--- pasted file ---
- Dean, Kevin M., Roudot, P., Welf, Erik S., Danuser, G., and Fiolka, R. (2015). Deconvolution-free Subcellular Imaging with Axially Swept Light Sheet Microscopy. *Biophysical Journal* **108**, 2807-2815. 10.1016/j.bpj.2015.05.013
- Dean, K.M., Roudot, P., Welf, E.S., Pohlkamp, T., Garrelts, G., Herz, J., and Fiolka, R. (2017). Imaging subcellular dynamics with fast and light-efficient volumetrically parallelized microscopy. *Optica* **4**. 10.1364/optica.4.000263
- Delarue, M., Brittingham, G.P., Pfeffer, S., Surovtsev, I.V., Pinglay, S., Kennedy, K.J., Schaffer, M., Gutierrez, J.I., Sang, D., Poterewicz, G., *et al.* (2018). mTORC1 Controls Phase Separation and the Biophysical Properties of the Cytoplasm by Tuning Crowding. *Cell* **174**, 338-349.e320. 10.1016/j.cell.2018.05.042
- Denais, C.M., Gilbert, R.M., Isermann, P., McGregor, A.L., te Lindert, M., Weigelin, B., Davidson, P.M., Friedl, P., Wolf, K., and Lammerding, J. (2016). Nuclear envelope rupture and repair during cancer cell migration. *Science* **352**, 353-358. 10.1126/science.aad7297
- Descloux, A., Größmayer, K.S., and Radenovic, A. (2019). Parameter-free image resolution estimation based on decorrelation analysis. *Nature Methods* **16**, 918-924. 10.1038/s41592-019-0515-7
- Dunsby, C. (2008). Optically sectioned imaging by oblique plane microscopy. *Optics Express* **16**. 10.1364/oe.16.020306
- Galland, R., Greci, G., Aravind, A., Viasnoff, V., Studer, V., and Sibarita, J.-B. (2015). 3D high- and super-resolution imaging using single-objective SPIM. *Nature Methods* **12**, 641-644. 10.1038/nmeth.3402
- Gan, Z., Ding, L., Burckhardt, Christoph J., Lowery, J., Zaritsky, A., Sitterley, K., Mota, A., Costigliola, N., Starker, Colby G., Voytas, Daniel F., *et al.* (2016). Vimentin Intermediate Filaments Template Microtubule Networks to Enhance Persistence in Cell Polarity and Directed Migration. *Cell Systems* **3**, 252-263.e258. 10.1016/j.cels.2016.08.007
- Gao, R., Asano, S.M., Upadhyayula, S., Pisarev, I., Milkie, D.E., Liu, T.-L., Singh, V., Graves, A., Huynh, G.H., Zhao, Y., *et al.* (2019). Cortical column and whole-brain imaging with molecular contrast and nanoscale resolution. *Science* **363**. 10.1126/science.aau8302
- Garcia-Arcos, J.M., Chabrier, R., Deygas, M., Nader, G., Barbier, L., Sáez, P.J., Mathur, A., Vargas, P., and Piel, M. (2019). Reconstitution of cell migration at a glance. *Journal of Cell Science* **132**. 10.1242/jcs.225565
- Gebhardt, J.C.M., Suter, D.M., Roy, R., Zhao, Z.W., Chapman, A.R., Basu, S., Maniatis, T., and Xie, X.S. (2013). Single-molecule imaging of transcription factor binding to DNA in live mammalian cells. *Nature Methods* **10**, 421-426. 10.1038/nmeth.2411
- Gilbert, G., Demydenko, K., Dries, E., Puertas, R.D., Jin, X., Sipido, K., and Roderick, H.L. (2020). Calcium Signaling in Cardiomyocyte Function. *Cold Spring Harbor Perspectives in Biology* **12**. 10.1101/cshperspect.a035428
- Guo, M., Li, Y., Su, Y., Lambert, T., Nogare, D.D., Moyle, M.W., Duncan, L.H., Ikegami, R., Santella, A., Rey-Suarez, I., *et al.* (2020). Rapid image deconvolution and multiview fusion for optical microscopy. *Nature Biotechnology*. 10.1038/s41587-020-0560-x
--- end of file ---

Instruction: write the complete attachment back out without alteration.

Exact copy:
- Dean, Kevin M., Roudot, P., Welf, Erik S., Danuser, G., and Fiolka, R. (2015). Deconvolution-free Subcellular Imaging with Axially Swept Light Sheet Microscopy. *Biophysical Journal* **108**, 2807-2815. 10.1016/j.bpj.2015.05.013
- Dean, K.M., Roudot, P., Welf, E.S., Pohlkamp, T., Garrelts, G., Herz, J., and Fiolka, R. (2017). Imaging subcellular dynamics with fast and light-efficient volumetrically parallelized microscopy. *Optica* **4**. 10.1364/optica.4.000263
- Delarue, M., Brittingham, G.P., Pfeffer, S., Surovtsev, I.V., Pinglay, S., Kennedy, K.J., Schaffer, M., Gutierrez, J.I., Sang, D., Poterewicz, G., *et al.* (2018). mTORC1 Controls Phase Separation and the Biophysical Properties of the Cytoplasm by Tuning Crowding. *Cell* **174**, 338-349.e320. 10.1016/j.cell.2018.05.042
- Denais, C.M., Gilbert, R.M., Isermann, P., McGregor, A.L., te Lindert, M., Weigelin, B., Davidson, P.M., Friedl, P., Wolf, K., and Lammerding, J. (2016). Nuclear envelope rupture and repair during cancer cell migration. *Science* **352**, 353-358. 10.1126/science.aad7297
- Descloux, A., Größmayer, K.S., and Radenovic, A. (2019). Parameter-free image resolution estimation based on decorrelation analysis. *Nature Methods* **16**, 918-924. 10.1038/s41592-019-0515-7
- Dunsby, C. (2008). Optically sectioned imaging by oblique plane microscopy. *Optics Express* **16**. 10.1364/oe.16.020306
- Galland, R., Greci, G., Aravind, A., Viasnoff, V., Studer, V., and Sibarita, J.-B. (2015). 3D high- and super-resolution imaging using single-objective SPIM. *Nature Methods* **12**, 641-644. 10.1038/nmeth.3402
- Gan, Z., Ding, L., Burckhardt, Christoph J., Lowery, J., Zaritsky, A., Sitterley, K., Mota, A., Costigliola, N., Starker, Colby G., Voytas, Daniel F., *et al.* (2016). Vimentin Intermediate Filaments Template Microtubule Networks to Enhance Persistence in Cell Polarity and Directed Migration. *Cell Systems* **3**, 252-263.e258. 10.1016/j.cels.2016.08.007
- Gao, R., Asano, S.M., Upadhyayula, S., Pisarev, I., Milkie, D.E., Liu, T.-L., Singh, V., Graves, A., Huynh, G.H., Zhao, Y., *et al.* (2019). Cortical column and whole-brain imaging with molecular contrast and nanoscale resolution. *Science* **363**. 10.1126/science.aau8302
- Garcia-Arcos, J.M., Chabrier, R., Deygas, M., Nader, G., Barbier, L., Sáez, P.J., Mathur, A., Vargas, P., and Piel, M. (2019). Reconstitution of cell migration at a glance. *Journal of Cell Science* **132**. 10.1242/jcs.225565
- Gebhardt, J.C.M., Suter, D.M., Roy, R., Zhao, Z.W., Chapman, A.R., Basu, S., Maniatis, T., and Xie, X.S. (2013). Single-molecule imaging of transcription factor binding to DNA in live mammalian cells. *Nature Methods* **10**, 421-426. 10.1038/nmeth.2411
- Gilbert, G., Demydenko, K., Dries, E., Puertas, R.D., Jin, X., Sipido, K., and Roderick, H.L. (2020). Calcium Signaling in Cardiomyocyte Function. *Cold Spring Harbor Perspectives in Biology* **12**. 10.1101/cshperspect.a035428
- Guo, M., Li, Y., Su, Y., Lambert, T., Nogare, D.D., Moyle, M.W., Duncan, L.H., Ikegami, R., Santella, A., Rey-Suarez, I., *et al.* (2020). Rapid image deconvolution and multiview fusion for optical microscopy. *Nature Biotechnology*. 10.1038/s41587-020-0560-x